In January, Alain Munkittrick released his latest book, Historic Houses of the Connecticut River Valley, as part of Arcadia Press's Images of America series. The book is a look at the people and settlements along the Connecticut River valley, stretching from New York all the way up to Canada. Over the course of his work, Munkittrick stopped by the Leahy Library at the Vermont History Center to conduct some of the research that went into the book. With the book now out in stores, we figured it would be a good time to check in to ask about how he went about researching and writing it.
Congratulations on your book! Can you tell us a little about what it’s about?
Historic Houses of the Connecticut River Valley is an expanded version of Arcadia Publishing's "Image of America" series. It is an image-rich survey of the most interesting houses of the 400 mile long Connecticut River Valley. The book is arranged thematically, rather than chronologically. Historic houses are grouped thematically to tell the stories of the valley's development.
For example, the chapter "River Makers" highlights the homes of significant manufacturers, "River Gentry" features the great estates and gentlemen farms which changed the valley's character in the 19th-century, while "River Masters" is a peak at the homes of important artists, writers, scientists, and intellectuals.
Over 300 period photographs and drawings are included, many of which have never been published. Presented are over 160 houses from the four New England states which border the Connecticut River (Vermont and New Hampshire) or which are bisected by the river (Massachusetts and Connecticut).
What got you started on this project, and how did you decide to write it as a book?
Deborah Shapiro and I had co-authored an Images of America book, Middletown's High Street and Wesleyan University, which was an in-depth look at one street's historical and architectural heritage, and I enjoyed the process of hunting for, and curating, the best possible historic images to tell the story of the development of one street in a way that could also tell the story of the history of a town. I was surprised that, while the historic houses of New York's Hudson River Valley have been endlessly documented, those of the Connecticut River Valley have not. I thought I would tackle that challenge.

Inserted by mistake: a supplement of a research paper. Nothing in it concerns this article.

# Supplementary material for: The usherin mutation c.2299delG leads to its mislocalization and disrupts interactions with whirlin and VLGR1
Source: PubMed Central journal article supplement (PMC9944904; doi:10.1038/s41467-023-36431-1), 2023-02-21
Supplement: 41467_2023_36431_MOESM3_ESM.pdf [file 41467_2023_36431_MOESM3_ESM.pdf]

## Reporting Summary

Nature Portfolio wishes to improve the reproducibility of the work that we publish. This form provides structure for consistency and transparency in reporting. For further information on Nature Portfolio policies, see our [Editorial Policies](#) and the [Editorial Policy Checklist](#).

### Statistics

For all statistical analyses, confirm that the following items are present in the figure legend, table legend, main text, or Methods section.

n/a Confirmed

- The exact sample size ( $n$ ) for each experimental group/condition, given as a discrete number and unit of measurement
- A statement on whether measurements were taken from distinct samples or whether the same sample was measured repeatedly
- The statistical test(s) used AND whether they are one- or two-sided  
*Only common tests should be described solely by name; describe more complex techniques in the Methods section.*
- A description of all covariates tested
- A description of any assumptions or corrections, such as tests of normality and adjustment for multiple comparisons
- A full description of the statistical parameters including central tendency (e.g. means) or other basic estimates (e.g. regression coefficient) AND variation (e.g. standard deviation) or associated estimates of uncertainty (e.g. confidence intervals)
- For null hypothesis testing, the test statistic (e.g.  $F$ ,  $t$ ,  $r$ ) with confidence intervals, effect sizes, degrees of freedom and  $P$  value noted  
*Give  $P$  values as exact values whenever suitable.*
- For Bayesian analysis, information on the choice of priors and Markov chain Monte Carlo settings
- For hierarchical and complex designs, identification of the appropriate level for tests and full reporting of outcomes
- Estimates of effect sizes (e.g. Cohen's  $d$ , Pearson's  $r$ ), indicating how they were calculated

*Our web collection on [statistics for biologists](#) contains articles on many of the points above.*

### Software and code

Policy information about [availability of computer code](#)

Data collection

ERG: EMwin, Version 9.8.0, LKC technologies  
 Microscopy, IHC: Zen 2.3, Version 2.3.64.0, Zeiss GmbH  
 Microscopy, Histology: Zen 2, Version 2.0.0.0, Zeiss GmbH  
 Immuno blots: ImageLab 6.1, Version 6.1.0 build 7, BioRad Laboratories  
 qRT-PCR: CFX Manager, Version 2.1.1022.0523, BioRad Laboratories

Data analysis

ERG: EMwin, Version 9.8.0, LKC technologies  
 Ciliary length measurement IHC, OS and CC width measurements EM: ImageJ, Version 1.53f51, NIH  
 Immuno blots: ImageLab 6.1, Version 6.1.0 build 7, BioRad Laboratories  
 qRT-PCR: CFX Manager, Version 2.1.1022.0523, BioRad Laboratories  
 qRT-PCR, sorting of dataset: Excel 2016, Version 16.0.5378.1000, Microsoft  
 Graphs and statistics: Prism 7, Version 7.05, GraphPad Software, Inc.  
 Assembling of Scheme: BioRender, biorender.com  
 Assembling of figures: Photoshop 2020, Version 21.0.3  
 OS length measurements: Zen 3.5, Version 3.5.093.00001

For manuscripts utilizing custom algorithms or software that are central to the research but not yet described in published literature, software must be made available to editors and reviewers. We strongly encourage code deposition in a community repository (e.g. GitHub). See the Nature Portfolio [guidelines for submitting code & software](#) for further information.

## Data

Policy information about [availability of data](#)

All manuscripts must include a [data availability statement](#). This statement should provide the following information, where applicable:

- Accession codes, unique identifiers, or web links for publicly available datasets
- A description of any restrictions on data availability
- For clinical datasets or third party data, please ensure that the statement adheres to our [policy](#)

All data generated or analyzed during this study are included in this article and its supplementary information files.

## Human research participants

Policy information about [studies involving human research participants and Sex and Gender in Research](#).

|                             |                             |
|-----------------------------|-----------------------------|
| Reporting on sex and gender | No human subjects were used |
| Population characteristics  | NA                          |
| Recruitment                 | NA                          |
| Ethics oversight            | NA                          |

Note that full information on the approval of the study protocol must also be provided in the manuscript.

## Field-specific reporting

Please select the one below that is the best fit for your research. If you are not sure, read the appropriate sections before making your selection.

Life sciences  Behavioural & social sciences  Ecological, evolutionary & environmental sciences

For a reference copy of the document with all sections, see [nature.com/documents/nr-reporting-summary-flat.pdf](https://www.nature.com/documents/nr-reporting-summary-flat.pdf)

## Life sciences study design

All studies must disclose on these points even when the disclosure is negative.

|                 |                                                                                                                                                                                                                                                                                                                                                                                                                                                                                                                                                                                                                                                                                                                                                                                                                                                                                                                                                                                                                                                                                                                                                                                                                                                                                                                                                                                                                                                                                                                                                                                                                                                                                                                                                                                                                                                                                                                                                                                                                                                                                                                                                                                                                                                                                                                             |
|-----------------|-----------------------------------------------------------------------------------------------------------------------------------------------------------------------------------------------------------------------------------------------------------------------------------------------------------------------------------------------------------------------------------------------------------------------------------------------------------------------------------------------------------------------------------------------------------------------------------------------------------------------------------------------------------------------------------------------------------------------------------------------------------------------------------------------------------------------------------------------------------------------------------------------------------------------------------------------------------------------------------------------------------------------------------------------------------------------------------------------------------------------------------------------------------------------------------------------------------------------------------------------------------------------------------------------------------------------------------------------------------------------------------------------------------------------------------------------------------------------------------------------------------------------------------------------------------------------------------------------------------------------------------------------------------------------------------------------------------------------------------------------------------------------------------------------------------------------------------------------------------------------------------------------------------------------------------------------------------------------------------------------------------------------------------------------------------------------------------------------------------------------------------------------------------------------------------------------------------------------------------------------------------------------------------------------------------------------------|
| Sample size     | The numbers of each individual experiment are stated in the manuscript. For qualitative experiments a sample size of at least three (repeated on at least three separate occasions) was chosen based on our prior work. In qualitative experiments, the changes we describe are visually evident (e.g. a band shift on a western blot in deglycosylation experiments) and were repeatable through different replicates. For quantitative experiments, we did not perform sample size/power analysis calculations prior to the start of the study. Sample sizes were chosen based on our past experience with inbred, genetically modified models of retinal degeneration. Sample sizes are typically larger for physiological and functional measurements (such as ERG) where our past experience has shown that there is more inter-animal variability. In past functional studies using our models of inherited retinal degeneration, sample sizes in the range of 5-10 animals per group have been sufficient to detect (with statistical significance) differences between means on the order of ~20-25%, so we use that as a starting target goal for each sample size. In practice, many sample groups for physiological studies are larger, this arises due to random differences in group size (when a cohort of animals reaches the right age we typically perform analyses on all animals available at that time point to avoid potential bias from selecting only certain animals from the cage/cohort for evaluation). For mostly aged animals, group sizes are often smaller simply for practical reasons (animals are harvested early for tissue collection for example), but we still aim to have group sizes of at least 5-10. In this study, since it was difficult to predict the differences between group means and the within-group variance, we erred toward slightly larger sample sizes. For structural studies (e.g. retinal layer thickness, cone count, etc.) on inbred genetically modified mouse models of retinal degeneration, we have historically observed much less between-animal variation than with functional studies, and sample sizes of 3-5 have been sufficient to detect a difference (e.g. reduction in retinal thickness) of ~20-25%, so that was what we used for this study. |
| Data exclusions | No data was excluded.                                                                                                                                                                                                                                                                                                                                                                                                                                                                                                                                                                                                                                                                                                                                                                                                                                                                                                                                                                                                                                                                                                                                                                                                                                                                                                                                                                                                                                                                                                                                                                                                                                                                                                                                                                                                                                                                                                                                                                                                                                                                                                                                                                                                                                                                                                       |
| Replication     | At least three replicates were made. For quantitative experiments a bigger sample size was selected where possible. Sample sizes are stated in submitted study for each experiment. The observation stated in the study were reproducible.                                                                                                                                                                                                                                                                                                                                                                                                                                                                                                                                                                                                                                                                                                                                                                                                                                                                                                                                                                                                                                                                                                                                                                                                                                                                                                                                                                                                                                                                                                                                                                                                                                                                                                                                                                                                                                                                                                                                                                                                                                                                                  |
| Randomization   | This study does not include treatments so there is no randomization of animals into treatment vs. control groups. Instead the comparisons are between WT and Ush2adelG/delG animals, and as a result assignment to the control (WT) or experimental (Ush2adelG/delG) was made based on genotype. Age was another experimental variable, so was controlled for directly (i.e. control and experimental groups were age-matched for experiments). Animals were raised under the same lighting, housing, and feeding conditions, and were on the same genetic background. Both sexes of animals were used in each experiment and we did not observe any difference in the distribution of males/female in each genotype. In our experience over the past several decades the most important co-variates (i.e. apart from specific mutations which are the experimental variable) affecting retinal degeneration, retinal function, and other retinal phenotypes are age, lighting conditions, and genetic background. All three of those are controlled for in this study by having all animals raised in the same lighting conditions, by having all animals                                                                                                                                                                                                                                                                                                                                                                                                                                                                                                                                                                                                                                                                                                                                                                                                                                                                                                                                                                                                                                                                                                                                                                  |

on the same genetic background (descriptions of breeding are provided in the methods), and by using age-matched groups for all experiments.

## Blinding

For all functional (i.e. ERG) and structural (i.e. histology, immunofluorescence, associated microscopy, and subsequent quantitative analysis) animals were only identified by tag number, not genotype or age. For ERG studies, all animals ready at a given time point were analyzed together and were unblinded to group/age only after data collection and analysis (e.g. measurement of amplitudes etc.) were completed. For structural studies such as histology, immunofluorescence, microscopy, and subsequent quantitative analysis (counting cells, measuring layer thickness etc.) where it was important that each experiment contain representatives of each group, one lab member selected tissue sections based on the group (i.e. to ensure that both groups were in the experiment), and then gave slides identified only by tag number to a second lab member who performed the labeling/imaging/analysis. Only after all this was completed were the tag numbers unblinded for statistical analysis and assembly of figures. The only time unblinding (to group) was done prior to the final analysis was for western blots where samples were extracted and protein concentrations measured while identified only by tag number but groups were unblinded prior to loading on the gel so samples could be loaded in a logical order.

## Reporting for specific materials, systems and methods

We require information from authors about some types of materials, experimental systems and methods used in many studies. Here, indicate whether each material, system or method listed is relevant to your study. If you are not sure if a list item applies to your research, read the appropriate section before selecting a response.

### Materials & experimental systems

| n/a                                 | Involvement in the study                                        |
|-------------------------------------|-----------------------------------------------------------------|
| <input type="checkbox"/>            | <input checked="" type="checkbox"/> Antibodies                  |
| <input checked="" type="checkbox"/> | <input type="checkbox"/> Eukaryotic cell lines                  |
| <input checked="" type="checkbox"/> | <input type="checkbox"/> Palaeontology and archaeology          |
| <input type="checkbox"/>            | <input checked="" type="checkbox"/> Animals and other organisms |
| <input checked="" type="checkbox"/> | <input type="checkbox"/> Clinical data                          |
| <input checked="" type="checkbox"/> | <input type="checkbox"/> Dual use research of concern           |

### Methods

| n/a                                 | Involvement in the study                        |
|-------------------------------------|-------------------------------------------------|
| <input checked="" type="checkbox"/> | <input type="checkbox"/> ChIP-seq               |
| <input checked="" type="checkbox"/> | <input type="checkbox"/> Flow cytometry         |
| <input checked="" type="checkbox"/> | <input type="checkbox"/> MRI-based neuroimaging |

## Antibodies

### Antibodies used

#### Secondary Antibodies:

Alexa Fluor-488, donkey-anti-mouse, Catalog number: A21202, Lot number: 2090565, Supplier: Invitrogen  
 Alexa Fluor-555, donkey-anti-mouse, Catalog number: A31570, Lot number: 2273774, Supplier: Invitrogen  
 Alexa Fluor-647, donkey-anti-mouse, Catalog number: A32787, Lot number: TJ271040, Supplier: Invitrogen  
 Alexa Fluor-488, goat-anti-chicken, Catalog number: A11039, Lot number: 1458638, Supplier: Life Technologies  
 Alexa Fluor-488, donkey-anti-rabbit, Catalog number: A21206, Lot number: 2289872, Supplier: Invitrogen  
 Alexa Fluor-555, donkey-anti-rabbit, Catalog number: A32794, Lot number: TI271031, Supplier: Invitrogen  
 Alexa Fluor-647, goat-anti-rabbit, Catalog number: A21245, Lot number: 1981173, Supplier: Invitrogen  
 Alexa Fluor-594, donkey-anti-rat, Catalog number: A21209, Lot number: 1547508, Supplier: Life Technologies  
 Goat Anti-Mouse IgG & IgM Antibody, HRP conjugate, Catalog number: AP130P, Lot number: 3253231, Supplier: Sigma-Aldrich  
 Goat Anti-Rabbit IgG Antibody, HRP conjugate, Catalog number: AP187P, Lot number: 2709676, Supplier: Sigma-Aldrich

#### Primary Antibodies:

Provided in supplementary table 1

How did you go about researching this project, and how did you use the Vermont Historical Society’s library/collections?
I identified all of the valley's houses designated as National Historic Landmarks by the US Park Service or those listed on the National Register of Historic Places. I searched the internet and local history books to identify the most significant homes in most every town or city. I then contacted local historical societies, museums, and libraries to locate archives which might hold period photographs of the houses, but also people associated with these houses. Some of these inquiries led me to individuals with great private collections as well.
Over 70 archives and individuals offered photographs for reproduction. I visited many of these archives, including the archives of the Vermont Historical Society. There, Kate Phillips and Marjorie Strong were most helpful in directing me to collections that might hold photographs of the houses which I had researched, including photograph files by towns, a photo album, and rare books from the library. They provided me with digital scans of my selections, including images of houses that I could not have found anywhere else. Their guidance was invaluable and I thank them again!
While researching, what did you discover that changed or expanded the book?
I discovered that I could probably identify enough really interesting houses, with great architectural interest and/or significant historical associations, to fill three books!!! Thus the biggest challenge was how to narrow down the selection and curate the best images to tell the story of each house. I also discovered that facts should always be verified with multiple sources. This takes a lot of time, but can be extremely rewarding.
What was the writing process like? What did you learn from that process?
The Image of America series books require a format and style which compels the author to distill the narrative to the essence that conveys all of the most important facts for the reader. Crisp, clear, authoritative treatments are necessary. The challenge is to make these treatments compelling, so whenever I could include new facts or stories of "human interest," I did. Also, I especially sought images of the families at these homes, as I did not want the book to be another dry architectural history.
What was the coolest thing that you learned while writing this book?
There were many, many cool things I learned. Some of my most satisfying experiences involved being able to identify houses and people in period photographs based on newspaper accounts, genealogical research, historic maps, or other arcane sources. Meeting and working with so many like-minded archivists and volunteers in local historical societies was also incredibly rewarding.
What advice would you have for people looking to write books of their own?
Triple check all of your sources, verify facts and if not certain, be honest about that! Leave puzzles for future researching sleuths to solve, but also leave them your "clues."
Historic Houses of the Connecticut River Valley is now available at the Vermont History Museum in Montpelier and in our online bookstore.